Director Justine Triet admits that for her third film, Victoria, she set out to make an American-style comedy. Being French, however, she chose as her chuckle-generator the subject of depression, not everyone’s idea of a barrel of laughs. But what the hell, all’s fair in love and romcoms.
Victoria (played with great assurance by Virginie Efira) is a beautiful, high-powered criminal lawyer of the type who has no qualms about sleeping with judges. Every night she takes a new man, picked up online, into her bed, even though she’s a single mother who works long hours and has sole custody of two little girls. Those poor neglected children, by the way, serve as nothing more than props in the film.
Victoria’s depression has several sources. Against her better judgment, she is defending a close friend, Vincent (Melvil Poupaud), who is accused of the attempted murder of his bride on their wedding night. Victoria ends up getting suspended from the bar for six months because of a fault committed during this trial. In the meantime, she is suing her ex-husband for libel because he’s publishing on his blog salacious details about her work and sex life, including her sexcapades with judges.
Holding everything together for her is her babysitter and assistant, Sam, who is, of course, in love with Victoria. To help her with her supposed but highly unrealistic depression, she sees not only a shrink but also a pessimistic tarot reader who sees nothing but bad luck in her cards.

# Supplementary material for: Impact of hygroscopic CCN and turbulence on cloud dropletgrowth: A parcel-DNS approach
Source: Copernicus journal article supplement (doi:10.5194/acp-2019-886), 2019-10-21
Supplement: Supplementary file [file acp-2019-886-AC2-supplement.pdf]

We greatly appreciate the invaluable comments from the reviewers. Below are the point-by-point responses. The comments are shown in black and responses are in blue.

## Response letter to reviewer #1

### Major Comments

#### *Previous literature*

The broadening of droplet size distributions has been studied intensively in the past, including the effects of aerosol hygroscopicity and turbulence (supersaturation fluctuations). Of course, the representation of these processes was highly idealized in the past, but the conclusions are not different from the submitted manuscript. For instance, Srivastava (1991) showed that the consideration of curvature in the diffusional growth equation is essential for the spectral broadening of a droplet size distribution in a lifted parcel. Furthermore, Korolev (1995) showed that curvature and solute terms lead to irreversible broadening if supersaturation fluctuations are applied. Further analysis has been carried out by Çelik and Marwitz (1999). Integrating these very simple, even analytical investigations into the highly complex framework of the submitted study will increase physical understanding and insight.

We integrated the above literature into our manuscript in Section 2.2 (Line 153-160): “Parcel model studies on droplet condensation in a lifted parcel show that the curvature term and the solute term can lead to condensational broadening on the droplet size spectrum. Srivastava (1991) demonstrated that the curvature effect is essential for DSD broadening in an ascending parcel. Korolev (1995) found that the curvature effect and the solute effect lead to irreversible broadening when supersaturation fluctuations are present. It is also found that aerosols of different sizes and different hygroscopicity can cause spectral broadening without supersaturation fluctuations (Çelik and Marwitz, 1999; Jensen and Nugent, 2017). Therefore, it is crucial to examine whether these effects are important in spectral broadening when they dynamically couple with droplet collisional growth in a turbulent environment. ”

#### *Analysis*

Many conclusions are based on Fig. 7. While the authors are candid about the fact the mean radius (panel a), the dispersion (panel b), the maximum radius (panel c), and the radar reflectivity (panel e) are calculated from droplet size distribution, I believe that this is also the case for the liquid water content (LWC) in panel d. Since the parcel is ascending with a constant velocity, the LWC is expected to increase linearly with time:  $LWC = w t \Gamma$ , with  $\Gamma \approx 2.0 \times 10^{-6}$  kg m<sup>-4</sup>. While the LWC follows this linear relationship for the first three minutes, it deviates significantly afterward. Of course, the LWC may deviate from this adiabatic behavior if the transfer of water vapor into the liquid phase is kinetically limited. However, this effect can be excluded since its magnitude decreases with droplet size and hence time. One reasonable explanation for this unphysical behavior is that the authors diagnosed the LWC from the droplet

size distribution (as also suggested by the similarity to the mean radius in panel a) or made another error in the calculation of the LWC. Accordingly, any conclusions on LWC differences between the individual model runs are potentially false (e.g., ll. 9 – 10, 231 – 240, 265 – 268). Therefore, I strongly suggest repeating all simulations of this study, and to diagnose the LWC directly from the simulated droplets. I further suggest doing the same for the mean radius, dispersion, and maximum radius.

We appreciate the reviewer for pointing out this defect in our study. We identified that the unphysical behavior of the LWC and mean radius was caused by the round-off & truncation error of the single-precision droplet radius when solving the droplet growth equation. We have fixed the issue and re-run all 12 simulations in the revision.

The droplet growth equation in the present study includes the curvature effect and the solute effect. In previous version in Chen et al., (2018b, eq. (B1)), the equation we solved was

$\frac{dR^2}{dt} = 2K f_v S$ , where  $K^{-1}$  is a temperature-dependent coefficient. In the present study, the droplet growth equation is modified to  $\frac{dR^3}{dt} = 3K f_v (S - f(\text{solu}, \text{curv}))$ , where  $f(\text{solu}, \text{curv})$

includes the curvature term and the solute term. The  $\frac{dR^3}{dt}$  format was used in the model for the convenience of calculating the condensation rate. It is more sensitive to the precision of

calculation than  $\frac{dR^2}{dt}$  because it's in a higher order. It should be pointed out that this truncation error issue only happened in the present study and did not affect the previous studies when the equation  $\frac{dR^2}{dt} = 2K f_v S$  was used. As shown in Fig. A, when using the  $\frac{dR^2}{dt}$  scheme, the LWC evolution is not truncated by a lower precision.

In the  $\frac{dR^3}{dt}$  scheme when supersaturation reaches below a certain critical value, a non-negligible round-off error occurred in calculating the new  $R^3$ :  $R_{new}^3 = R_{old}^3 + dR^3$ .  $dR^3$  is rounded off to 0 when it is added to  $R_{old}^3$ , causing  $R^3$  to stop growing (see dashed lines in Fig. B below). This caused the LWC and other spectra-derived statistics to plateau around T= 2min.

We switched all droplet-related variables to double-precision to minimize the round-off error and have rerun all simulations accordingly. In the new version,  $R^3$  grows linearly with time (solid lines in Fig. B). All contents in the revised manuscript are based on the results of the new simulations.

The film manages to be fairly entertaining and occasionally funny, in spite of its sometimes confusing plot (so many things are going on in Victoria’s life that her neglect of her children is not surprising) and overwrought style (broken up by one extremely long and boring sex scene that involves mostly lots of panting).
One of the best things in the movie is the character of Sam, played by the cherub-lipped Vincent Lacoste (star of the truly funny French comedy Les Beaux Gosses), who is self-aware enough to realize that the reason no one pays much attention to him, especially the self-obsessed Victoria, is because he is so “inoffensive.”
While the film seems to take a feminist stance (all the judges on the panel for Victoria’s hearing, for example, are women), it goes the way of every romcom: all it takes to solve Victoria’s problems – including her supposed depression – is, you guessed it, a good man.
Note: I saw this film as part of an event called “Priceless Souper,” sponsored by Le Fooding, during which filmgoers not only get a preview of a new movie but are also served a dinner prepared by a leading chef, to be eaten while watching it. Our meal was prepared by Christophe Saintagne, former head chef at the Meurice, who offered a warm vegetable starter; an Elvis-inspired sandwich of peanut butter, banana and ham; and a financier for dessert. The next Priceless Souper will be held on Nov. 9, but the film, location and name of the chef remain a mystery until just before the event. Click here for more info.Favorite